Many early dams were built to provide power for textile mills, gristmills, steel plants, and other industrial activities. Over the years, the plants closed, but the dams stayed behind. The Whittenton Pond Dam on the Mill River about 40 miles south of Boston in Taunton, Massachusetts, highlights issues that can arise with these dams. The wooden dam, built in 1832, originally provided power for a mill complex, but over the years, the condition of the dam deteriorated. After several days of heavy rains in October 2005, the dam began to buckle and was on the verge of failure. Local officials evacuated downtown Taunton and called in the National Guard. The dam was eventually shored up, which prevented its failure, and it was removed several years later. The event was an eye-opener for Massachusetts state officials, who realized that thousands of similar dams existed all over the state. In 2014, Massachusetts launched the Dam and Seawall Repair or Removal Program, which has since provided $34 million in grants and loans for dam repairs and removals.
Removing an obsolete or deteriorating dam can often be a better option than repairing it. In many cases, removal is less costly than repair, and if the dam no longer provides services of sufficient value, spending money on repairs makes little sense.
Removing a dam can have many environmental benefits. Dam removal restores a river’s natural function, improving water quality and conditions for aquatic habitat by increasing flows and reducing water temperatures, and provides passage to and from the ocean for anadromous fish species such as salmon. Most dam removals on the West Coast have been motivated by the need to improve passage for salmon and steelhead trout, several populations of which are listed as threatened or endangered under the Endangered Species Act.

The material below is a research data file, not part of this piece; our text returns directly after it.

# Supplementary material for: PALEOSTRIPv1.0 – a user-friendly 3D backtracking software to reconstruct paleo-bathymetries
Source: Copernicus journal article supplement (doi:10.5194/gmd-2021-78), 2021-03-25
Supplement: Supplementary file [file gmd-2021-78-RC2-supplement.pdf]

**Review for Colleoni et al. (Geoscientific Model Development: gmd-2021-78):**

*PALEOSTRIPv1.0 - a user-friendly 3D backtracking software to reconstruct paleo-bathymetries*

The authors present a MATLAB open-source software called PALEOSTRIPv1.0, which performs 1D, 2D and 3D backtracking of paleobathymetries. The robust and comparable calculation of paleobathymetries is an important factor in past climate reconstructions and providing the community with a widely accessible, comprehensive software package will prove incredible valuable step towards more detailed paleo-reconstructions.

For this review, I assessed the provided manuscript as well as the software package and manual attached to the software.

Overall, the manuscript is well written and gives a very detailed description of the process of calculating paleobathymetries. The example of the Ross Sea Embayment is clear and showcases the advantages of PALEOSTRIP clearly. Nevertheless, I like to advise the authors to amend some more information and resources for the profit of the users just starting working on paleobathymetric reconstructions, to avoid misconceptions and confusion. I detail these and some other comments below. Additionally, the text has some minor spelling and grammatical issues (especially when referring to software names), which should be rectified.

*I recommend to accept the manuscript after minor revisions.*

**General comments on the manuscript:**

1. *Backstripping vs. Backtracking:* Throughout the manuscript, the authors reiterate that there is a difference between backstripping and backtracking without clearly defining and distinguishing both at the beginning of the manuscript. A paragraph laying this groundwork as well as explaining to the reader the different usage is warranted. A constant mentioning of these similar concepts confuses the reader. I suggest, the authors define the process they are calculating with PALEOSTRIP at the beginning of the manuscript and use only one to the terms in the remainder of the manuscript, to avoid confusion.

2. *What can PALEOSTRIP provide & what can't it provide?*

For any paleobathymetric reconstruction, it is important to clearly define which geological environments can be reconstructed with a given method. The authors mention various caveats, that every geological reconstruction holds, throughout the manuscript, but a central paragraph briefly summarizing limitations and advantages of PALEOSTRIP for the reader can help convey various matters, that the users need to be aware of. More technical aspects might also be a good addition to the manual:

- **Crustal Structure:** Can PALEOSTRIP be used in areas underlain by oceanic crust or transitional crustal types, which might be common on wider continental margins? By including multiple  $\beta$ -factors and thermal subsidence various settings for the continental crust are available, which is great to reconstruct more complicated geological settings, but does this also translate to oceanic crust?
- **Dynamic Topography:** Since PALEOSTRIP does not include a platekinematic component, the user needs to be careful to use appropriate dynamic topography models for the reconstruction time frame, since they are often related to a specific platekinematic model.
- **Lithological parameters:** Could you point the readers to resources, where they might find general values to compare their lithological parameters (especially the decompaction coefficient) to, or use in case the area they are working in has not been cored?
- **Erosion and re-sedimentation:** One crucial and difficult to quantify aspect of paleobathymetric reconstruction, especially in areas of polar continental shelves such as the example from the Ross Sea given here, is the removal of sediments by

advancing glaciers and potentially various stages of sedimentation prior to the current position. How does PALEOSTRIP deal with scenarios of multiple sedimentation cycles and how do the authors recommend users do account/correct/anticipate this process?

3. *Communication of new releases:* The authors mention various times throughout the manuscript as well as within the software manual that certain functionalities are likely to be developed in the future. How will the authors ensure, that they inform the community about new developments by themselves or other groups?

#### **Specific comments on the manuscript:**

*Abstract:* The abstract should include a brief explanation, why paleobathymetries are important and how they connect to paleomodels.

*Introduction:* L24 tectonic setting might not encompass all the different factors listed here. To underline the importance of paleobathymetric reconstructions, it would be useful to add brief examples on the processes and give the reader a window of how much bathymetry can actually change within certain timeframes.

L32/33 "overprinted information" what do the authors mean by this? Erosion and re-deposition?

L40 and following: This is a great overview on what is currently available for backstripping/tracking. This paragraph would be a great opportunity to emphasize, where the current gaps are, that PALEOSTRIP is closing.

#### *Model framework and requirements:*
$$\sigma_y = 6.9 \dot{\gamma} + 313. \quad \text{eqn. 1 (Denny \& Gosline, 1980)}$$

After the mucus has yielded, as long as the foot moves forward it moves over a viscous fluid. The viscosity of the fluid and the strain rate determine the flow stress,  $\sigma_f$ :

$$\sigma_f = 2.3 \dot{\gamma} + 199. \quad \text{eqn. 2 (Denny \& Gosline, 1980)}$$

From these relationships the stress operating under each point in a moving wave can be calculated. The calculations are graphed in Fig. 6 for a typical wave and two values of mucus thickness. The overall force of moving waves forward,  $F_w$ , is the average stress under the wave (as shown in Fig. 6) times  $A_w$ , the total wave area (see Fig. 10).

The removals have ranged from very small dams, such as the 81 dams removed from the Cleveland National Forest in Southern California, to large dams with removal costs in the tens of millions of dollars, such as the 106-foot-tall San Clemente Dam in California and the Elwha and Glines Canyon Dams in Washington. On the East Coast, removals of dams such as the Edwards Dam on the Kennebec River in Maine and the Embrey Dam on Virginia’s Rappahannock River have benefited oceangoing species such as American shad, alewife, blueback herring, and American eel (a catadromous species that lives in freshwater and returns to the ocean to breed).
Dam removal can help with this infrastructure problem [in the United States], and numerous success stories provide good examples.
Dam removal also can create new river recreation opportunities by providing unimpeded boat passage and restoring whitewater conditions. The removal of three dams on the Cuyahoga River in Ohio was motivated by concerns over water quality, but removing the dams actually spurred growth in the local outdoor recreation economy by producing Class 5 rapids in downtown Cuyahoga Falls. The final dam slated to come down on the Cuyahoga River, the 60-foot-tall Gorge Dam, is expected to reveal a buried 200-foot natural waterfall.